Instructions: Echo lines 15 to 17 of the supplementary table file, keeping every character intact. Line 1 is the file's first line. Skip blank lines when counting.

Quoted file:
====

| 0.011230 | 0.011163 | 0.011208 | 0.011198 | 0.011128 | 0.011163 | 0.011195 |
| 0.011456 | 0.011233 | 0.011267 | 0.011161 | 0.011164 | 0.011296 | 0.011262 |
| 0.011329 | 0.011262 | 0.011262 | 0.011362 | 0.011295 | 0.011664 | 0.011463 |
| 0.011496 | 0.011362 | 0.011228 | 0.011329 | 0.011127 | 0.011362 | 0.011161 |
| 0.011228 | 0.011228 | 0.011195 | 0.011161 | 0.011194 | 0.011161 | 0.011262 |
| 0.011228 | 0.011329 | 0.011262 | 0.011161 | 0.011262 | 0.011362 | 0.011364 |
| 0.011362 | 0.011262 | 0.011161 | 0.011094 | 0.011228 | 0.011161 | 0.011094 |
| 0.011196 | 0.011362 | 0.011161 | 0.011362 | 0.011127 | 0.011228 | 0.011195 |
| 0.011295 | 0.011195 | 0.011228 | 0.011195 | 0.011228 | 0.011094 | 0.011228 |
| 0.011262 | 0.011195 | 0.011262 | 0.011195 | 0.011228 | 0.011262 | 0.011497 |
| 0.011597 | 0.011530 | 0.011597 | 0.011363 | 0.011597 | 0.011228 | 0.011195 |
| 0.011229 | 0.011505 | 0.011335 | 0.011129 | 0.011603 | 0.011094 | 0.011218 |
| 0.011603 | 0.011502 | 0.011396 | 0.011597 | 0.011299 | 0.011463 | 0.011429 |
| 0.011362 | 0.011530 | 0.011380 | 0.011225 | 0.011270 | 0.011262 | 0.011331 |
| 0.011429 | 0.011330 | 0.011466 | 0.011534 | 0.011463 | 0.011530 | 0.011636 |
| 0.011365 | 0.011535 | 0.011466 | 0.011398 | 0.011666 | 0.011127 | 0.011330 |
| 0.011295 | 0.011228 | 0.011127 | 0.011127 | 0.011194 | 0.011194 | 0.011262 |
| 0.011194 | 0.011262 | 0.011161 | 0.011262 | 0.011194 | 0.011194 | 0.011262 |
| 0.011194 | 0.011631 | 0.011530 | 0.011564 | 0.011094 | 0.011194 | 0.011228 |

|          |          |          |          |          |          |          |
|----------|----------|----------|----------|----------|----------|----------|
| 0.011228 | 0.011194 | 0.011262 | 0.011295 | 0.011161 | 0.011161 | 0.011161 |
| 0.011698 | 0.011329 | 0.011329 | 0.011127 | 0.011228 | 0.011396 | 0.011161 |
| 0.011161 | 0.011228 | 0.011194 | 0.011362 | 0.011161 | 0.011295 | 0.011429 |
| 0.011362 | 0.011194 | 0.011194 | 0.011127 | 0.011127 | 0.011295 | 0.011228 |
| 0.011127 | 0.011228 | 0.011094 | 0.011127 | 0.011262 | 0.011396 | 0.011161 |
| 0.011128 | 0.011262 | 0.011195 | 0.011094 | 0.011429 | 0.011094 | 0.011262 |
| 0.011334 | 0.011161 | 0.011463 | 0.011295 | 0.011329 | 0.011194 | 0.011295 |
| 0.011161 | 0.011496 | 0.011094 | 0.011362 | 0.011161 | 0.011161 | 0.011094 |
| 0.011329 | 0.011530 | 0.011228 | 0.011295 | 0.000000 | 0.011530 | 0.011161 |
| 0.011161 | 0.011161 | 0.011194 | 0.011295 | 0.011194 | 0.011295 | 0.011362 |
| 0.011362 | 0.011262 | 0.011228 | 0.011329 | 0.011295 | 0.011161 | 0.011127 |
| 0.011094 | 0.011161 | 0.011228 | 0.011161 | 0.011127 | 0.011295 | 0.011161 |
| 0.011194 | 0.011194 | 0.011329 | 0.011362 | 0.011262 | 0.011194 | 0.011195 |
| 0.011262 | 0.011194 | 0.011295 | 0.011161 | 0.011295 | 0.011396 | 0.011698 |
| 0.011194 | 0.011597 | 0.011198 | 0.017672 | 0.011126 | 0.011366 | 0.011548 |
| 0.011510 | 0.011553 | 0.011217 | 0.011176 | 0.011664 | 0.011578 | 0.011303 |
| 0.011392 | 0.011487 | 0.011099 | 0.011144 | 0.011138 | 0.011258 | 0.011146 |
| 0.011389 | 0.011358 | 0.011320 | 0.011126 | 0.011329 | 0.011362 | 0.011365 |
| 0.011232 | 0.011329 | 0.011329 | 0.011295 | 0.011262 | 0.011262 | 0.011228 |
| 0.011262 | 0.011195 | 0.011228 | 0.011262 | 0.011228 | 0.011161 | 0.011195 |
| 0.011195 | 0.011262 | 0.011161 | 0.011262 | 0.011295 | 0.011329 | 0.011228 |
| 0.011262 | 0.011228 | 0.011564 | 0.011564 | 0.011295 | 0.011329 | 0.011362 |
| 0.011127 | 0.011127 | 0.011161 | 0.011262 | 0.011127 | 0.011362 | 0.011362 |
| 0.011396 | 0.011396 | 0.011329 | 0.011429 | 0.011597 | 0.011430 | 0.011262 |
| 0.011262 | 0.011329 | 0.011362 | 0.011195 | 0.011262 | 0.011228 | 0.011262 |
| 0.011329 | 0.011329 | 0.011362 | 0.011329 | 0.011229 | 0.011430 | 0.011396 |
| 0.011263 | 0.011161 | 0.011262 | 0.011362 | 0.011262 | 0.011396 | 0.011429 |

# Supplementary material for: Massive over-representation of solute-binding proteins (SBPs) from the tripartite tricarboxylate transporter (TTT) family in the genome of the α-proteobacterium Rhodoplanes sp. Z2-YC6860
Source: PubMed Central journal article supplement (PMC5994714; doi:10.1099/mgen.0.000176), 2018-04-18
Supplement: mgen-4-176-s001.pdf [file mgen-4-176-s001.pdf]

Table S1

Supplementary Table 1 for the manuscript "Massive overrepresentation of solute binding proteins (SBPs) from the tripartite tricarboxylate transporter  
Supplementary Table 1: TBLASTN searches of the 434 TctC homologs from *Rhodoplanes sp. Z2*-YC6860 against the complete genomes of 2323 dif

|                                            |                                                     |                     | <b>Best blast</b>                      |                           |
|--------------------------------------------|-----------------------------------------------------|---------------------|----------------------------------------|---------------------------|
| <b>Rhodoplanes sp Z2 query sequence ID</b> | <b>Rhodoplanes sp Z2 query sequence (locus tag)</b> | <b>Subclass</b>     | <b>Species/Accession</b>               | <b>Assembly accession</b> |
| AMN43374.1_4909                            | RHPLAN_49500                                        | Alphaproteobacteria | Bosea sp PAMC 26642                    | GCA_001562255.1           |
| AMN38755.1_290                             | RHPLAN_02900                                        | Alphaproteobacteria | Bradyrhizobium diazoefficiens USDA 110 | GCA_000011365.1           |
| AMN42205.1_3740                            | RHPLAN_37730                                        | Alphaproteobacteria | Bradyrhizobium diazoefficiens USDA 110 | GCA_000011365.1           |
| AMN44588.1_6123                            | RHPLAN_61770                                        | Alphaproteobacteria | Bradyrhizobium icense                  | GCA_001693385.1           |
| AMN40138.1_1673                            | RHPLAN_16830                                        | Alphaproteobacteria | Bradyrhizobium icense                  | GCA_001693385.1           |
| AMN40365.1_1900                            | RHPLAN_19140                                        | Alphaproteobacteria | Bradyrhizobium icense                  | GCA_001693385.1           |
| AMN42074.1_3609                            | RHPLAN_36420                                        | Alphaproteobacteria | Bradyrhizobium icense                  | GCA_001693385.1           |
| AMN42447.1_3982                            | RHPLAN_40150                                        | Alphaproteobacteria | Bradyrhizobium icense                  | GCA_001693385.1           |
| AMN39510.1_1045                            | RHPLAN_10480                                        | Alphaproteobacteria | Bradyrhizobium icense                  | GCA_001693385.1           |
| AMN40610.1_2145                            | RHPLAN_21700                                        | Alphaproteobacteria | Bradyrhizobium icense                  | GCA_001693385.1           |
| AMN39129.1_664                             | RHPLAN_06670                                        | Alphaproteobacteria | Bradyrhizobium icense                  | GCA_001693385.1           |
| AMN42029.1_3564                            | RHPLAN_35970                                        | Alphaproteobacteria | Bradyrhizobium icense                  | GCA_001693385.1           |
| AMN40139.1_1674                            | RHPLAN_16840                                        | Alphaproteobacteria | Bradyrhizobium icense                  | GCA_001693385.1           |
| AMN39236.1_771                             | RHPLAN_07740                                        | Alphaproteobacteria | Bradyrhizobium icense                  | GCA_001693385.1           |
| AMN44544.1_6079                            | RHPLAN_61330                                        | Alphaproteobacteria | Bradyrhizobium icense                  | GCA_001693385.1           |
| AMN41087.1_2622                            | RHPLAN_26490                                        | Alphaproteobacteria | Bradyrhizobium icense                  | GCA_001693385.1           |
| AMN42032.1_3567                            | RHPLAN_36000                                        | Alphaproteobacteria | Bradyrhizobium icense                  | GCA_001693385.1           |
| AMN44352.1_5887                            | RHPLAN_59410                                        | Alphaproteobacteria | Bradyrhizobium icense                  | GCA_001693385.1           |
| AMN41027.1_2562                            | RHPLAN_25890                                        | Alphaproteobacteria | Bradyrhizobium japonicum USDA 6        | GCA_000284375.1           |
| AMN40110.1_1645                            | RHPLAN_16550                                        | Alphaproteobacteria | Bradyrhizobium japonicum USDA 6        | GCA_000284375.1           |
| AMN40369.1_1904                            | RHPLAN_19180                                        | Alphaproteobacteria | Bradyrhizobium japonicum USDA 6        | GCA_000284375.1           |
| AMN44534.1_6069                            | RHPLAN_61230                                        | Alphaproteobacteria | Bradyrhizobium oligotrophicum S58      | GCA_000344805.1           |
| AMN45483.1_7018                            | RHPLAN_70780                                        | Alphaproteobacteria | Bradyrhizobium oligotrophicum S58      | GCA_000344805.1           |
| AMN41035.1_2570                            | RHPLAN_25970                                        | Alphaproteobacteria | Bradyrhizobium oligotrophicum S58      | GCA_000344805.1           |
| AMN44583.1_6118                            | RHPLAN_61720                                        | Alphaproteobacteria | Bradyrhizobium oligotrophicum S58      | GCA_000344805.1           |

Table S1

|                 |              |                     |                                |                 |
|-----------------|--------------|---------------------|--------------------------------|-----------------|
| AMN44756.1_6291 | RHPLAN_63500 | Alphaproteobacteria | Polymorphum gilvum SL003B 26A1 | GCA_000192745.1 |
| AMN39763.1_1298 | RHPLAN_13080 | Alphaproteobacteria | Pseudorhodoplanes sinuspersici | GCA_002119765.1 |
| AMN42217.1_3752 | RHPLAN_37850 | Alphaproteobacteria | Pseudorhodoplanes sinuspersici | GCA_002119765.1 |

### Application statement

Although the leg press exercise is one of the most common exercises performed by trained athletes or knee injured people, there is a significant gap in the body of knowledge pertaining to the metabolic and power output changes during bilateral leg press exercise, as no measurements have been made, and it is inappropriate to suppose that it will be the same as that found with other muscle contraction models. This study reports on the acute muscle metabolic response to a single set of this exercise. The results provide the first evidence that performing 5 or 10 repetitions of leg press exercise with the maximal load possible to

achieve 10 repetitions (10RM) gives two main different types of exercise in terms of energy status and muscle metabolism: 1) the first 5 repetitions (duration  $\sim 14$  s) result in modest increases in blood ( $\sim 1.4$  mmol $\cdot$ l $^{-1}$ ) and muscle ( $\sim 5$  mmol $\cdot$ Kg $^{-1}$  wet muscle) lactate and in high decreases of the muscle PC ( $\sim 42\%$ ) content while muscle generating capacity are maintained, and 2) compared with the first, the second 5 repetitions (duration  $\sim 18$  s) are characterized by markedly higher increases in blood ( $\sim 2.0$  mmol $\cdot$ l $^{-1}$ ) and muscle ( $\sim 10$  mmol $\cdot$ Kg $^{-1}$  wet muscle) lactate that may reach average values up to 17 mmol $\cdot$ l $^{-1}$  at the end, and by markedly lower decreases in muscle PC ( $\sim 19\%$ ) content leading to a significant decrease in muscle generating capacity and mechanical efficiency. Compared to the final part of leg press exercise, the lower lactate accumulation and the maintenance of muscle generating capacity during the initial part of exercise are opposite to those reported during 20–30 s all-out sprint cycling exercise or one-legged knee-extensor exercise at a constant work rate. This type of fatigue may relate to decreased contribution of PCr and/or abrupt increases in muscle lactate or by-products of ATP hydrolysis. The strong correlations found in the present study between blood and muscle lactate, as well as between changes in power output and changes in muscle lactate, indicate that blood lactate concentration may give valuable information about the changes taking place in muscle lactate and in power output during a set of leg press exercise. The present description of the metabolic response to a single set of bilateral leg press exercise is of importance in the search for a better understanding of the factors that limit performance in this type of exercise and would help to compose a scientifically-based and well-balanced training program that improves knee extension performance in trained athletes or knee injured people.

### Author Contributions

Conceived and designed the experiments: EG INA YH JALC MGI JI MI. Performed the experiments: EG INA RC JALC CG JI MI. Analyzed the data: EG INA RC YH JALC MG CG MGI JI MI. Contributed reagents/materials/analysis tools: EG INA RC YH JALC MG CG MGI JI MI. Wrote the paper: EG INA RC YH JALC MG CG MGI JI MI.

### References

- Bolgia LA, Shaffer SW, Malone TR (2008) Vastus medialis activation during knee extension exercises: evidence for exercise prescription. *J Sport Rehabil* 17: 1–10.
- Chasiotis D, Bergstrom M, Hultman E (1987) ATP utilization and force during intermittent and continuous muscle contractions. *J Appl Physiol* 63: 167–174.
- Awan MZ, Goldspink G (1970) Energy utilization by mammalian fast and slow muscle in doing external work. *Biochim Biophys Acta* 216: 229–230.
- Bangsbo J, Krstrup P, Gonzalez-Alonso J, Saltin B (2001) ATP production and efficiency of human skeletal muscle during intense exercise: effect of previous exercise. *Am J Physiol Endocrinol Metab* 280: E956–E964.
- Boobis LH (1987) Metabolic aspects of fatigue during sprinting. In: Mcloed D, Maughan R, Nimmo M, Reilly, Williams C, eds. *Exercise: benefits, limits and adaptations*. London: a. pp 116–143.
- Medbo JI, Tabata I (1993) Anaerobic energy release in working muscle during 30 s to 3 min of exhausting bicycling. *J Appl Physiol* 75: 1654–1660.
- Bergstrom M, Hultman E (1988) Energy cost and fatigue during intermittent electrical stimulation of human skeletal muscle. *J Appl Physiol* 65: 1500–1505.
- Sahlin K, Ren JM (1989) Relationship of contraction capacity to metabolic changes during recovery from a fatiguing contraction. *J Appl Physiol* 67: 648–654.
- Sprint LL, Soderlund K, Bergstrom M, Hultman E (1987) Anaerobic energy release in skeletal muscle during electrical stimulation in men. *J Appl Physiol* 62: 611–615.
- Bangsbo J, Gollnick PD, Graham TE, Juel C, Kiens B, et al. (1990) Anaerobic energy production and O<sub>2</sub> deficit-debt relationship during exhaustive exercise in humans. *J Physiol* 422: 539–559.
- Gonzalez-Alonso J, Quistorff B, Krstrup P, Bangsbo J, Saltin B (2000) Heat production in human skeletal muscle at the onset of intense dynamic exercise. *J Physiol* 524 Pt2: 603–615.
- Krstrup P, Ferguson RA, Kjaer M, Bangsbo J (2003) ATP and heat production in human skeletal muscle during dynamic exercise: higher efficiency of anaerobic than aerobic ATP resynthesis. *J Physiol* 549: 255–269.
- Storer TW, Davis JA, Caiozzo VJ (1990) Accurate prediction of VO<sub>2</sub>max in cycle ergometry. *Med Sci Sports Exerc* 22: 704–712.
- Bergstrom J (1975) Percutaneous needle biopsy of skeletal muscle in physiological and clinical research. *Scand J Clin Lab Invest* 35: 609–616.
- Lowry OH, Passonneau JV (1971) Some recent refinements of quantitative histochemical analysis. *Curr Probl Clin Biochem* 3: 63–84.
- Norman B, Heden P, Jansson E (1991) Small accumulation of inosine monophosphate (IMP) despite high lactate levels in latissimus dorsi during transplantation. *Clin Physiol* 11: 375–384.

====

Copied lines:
| 0.011429 | 0.011330 | 0.011466 | 0.011534 | 0.011463 | 0.011530 | 0.011636 |
| 0.011365 | 0.011535 | 0.011466 | 0.011398 | 0.011666 | 0.011127 | 0.011330 |
| 0.011295 | 0.011228 | 0.011127 | 0.011127 | 0.011194 | 0.011194 | 0.011262 |